the time of the composition of Ballo, Verdi was
a rich and powerful man. He had purchased an estate at
near his birthplace and found peace and great pleasure in
its development. He no longer needed to write two operas
each year and only agreed a contract if location, singers
and subject appealed to him. In 1857 he wanted to write an
opera based on Shakespeare’s ‘King Lear’. However, when
the Teatro San Carlo in Naples approached him Verdi did
the house soprano to be suitable for his vision of Cordelia.
Instead Verdi chose the subject of Un Ballo in Maschera based
on the true story of the assassination of Gustavus, King
of Sweden, at a ball. Verdi asked the poet Antonio Somma
to prepare a libretto. When the libretto was submitted to
the censor in Naples seven major objections were raised.
These involved no fewer than two hundred and ninety seven
lines, nearly one third of the text! Their objections involved
the assassination of a king, the location in northern Europe,
the inclusion of sorcery and the use of firearms on stage.
Poet and composer agreed a transfer of location to Boston,
the King to Duke and a stabbing not shooting. Still the censor
was not satisfied and Verdi cast around for another theatre.
The censor in Rome was more accommodating and the opera saw
its first performance at the Teatro Apollo with the King
becoming Riccardo, Earl of Warwick, an English colonial governor,
and the Swedish Count Ankarstrom, Renato his secretary.
secretly loves Amelia the wife of his secretary and best
friend Renato, who warns him that conspirators are plotting
to kill him. Despite the warnings he goes, disguised,
to hear a gypsy soothsayer to test her powers. There he finds
Amelia pleading to be rid of her feelings for him. She
is told to pick an herb, at midnight, from below the gallows.
Testing the gypsy with his hand, Riccardo, incognito,
told a friend, the first to clasp his hand, will kill
him. No one will take his hand until Renato arrives and greets
him. Amelia and the King meet as she is at the gallows
the herbs, and in a magnificent duet declare their mutual
love. Renato comes to warn the King of imminent danger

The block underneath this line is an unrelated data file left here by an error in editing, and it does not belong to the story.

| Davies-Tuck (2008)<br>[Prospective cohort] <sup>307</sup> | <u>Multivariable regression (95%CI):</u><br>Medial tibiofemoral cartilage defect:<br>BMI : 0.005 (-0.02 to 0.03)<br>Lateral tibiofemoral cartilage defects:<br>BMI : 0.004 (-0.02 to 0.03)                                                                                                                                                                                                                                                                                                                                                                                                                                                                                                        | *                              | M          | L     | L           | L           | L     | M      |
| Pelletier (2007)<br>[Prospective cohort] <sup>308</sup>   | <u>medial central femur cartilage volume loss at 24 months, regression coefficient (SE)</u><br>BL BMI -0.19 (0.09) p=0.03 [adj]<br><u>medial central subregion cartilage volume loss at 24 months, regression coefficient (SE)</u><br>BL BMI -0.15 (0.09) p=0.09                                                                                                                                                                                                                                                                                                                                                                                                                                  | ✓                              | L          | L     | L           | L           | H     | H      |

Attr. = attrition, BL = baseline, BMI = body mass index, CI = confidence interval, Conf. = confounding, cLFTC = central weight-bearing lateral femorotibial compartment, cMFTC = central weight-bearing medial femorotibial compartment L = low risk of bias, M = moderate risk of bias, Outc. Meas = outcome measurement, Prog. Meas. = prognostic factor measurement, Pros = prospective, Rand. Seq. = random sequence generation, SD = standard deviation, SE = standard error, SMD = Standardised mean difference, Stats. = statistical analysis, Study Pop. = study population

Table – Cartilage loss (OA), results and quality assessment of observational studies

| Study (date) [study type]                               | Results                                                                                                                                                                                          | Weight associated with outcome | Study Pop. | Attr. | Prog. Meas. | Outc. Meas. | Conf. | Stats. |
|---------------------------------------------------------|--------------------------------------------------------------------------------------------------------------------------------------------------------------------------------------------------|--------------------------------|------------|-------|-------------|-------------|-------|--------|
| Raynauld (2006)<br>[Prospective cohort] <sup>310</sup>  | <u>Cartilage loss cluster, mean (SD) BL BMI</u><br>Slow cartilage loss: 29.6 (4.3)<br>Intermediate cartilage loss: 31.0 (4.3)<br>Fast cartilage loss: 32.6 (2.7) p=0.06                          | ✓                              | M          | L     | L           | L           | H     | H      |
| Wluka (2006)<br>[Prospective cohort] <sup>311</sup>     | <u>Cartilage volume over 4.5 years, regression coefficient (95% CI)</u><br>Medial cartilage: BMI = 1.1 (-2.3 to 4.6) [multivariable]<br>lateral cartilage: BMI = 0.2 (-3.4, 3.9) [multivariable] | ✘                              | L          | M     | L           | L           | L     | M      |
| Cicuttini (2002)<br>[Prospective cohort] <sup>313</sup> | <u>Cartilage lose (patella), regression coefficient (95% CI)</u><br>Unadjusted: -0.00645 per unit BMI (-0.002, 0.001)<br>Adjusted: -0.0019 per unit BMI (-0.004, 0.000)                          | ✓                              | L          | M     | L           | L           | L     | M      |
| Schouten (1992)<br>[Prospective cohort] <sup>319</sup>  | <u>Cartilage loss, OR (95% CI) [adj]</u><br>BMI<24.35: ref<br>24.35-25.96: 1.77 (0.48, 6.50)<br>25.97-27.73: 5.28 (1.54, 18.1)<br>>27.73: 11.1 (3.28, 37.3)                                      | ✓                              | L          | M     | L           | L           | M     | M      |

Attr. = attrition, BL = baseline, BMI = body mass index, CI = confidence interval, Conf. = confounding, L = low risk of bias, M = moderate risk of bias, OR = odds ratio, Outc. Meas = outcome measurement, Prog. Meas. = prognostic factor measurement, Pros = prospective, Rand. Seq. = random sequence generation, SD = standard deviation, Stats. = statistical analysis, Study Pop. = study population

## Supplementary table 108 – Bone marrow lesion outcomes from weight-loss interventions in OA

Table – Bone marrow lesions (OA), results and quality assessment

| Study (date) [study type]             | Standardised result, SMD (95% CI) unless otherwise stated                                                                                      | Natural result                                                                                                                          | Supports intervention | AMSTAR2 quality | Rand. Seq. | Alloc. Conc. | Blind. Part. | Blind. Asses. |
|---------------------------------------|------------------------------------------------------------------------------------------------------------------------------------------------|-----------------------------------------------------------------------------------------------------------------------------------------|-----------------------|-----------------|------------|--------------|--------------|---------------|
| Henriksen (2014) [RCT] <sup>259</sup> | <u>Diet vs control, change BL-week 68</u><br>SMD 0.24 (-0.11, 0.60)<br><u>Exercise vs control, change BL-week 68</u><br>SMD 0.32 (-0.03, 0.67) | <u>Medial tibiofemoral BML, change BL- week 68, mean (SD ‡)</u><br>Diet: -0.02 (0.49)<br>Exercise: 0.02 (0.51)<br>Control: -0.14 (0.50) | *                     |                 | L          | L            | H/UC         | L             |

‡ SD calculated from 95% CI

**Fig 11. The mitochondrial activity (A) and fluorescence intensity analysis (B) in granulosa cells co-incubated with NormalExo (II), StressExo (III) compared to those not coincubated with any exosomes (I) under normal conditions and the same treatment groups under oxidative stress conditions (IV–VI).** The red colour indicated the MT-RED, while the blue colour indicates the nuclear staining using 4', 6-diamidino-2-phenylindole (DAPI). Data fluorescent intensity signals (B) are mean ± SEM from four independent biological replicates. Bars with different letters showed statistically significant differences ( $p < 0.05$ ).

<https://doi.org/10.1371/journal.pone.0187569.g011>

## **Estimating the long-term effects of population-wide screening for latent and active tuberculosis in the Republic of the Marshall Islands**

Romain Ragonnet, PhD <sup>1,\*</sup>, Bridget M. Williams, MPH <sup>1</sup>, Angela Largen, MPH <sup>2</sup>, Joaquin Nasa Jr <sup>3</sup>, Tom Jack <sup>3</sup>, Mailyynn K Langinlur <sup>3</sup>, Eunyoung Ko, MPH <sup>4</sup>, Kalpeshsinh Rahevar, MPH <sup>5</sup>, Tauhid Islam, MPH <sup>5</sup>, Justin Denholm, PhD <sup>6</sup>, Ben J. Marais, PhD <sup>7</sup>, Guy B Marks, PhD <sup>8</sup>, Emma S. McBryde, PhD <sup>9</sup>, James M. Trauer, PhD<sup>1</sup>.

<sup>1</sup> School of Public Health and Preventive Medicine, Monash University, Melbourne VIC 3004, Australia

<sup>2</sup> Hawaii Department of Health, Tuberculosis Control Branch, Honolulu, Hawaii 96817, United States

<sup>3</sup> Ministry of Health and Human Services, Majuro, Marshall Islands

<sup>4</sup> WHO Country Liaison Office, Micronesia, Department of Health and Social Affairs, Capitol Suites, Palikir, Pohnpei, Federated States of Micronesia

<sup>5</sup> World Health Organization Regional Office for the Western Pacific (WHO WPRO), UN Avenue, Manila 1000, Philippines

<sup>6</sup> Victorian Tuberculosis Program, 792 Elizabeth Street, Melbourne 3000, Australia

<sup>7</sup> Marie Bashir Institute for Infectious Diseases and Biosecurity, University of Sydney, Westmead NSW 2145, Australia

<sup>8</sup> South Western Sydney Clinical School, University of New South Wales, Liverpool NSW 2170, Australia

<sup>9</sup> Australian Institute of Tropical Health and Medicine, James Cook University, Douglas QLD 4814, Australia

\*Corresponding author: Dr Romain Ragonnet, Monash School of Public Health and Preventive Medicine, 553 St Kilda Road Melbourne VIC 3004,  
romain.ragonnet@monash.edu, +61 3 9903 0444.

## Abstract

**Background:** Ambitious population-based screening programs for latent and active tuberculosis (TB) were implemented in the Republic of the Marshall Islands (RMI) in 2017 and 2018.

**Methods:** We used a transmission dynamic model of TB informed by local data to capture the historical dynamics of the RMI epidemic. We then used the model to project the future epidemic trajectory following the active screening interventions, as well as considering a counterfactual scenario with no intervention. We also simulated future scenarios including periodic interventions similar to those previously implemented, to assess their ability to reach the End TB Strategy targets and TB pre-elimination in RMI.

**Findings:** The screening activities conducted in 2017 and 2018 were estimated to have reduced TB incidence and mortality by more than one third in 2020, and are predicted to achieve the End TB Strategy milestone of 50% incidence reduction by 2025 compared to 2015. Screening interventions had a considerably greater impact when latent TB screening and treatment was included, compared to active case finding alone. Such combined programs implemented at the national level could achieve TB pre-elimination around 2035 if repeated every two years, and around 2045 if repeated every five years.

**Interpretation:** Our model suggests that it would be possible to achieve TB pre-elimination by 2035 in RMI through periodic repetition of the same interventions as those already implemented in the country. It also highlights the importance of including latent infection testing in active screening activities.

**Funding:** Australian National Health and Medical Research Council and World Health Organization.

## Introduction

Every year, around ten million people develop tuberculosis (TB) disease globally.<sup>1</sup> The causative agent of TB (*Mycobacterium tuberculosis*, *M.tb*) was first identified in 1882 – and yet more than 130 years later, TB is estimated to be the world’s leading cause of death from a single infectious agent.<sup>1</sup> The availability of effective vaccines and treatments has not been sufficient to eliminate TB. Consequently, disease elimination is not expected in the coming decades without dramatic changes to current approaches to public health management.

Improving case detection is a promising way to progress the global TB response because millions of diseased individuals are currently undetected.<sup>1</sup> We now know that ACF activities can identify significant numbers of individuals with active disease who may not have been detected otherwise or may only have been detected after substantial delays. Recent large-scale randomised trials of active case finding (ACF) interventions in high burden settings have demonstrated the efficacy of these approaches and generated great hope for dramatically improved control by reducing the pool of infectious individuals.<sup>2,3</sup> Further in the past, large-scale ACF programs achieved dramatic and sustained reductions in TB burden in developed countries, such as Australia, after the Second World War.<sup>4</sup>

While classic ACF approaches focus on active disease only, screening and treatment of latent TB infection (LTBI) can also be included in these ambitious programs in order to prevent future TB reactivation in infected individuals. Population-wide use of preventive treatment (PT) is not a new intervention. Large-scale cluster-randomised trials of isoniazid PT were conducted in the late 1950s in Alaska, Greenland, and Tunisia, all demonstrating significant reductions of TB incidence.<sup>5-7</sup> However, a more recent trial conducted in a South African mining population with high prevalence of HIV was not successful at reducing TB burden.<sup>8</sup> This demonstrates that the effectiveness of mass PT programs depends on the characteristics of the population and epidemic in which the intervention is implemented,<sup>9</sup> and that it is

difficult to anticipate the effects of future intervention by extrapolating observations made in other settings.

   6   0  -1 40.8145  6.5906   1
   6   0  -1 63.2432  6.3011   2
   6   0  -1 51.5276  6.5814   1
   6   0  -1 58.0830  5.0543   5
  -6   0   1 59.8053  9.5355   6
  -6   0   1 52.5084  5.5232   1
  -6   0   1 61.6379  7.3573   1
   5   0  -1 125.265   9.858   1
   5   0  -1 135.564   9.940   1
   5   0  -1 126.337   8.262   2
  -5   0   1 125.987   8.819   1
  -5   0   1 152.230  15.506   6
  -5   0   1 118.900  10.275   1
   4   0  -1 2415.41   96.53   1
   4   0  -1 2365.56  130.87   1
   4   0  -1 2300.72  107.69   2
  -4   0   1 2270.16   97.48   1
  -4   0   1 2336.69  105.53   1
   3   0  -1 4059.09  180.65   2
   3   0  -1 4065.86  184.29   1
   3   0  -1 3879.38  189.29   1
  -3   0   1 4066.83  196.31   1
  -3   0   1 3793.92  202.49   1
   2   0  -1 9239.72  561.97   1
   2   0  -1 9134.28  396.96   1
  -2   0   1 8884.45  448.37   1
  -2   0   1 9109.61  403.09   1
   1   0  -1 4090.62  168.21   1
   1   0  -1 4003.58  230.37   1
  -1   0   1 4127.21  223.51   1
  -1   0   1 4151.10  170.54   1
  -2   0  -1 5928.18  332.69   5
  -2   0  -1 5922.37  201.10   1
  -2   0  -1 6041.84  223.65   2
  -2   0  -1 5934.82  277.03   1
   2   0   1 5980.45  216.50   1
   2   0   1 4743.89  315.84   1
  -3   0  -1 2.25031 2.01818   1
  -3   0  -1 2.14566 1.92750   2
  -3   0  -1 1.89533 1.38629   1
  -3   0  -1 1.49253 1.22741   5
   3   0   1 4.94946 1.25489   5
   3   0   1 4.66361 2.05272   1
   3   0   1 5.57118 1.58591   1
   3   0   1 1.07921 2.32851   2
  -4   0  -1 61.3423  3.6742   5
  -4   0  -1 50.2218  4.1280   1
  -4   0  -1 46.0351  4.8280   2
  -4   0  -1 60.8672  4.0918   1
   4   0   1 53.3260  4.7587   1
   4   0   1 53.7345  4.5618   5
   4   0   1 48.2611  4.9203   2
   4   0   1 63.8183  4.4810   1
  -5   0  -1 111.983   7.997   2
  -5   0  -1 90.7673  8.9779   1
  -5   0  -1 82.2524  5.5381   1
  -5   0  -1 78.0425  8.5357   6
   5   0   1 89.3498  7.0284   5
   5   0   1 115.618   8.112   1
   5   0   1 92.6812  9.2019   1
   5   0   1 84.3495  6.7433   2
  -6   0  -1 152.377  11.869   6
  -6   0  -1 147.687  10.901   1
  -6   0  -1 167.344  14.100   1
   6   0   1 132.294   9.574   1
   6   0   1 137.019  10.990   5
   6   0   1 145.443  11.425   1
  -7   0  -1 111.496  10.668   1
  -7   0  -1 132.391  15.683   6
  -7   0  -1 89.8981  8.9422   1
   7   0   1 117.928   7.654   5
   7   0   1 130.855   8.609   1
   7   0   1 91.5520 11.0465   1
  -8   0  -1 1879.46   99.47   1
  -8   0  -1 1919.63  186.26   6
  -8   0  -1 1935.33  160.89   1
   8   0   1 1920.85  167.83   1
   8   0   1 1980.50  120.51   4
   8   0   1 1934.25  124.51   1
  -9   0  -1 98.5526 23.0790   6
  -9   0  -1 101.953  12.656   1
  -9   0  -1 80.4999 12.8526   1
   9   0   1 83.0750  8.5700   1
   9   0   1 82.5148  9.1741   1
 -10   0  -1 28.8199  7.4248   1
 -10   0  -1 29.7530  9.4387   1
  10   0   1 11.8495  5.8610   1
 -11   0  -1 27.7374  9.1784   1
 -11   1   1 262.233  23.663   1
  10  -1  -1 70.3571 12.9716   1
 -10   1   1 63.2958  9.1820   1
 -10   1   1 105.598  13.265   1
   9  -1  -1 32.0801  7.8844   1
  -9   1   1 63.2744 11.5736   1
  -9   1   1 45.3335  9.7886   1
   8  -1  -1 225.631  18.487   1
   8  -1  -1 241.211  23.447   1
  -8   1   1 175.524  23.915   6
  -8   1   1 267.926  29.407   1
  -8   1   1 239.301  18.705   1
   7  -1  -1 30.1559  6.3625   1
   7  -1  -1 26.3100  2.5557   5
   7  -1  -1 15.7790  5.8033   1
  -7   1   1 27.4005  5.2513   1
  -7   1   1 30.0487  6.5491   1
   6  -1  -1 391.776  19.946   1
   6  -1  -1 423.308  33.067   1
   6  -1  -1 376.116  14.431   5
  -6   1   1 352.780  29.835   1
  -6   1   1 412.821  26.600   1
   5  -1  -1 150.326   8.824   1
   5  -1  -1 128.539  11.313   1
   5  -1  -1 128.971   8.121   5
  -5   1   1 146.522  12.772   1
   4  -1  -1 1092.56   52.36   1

and is left to guard his veiled wife. The conspirators arrive
and force her to reveal her identity. Renato believing
to be betrayed by both his wife and friend joins the
against the life of Riccardo. Lots are drawn to choose
the assassin and Renato is, to his revengeful joy, chosen.
the King realises he must break with Amelia; he writes
an order appointing her husband to a post abroad. But this
only revealed after Renato fatally wounds him at a masked
ball. Riccardo dies proclaiming Amelia’s innocence and
asking that all his enemies be pardoned.
my review of Robert Wilson’s modernist and minimalist
production of Aida, (see review)
I criticised the approach as it failed to bring alive the
personal interactions and relationships of the characters.
This production of Un Ballo in Maschera is modernist
but not minimalist and it focuses attention on the various
relationships as the opera unfolds. Although the Boston
edition is used, do not expect to see costumes that would
to that venue. Likewise the sets are representational rather
than realistic as well as being sparse. There is neither
desk for Riccardo in the opening scene, (Chs.3-9) nor any
gallows in the second act (Chs. 21-28). But it does not
matter as the director, Ermanno Olmi, focuses
on the singers when in solo, duet or ensemble so that
is happening. There are times when
I wondered about the costumes. That for Ulrica, the gypsy,
when her covering, with pegs or spikes protruding, meant
little to me. Likewise the ornate royal blue chiffon
cape and bouffant head-dress in which Amelia appears
gallows defeated (Ch. 22) as did the headgear of the
participants in the final scene (Chs.36-41) and which
must have done
serious damage to the budget. The sparse sets and costumes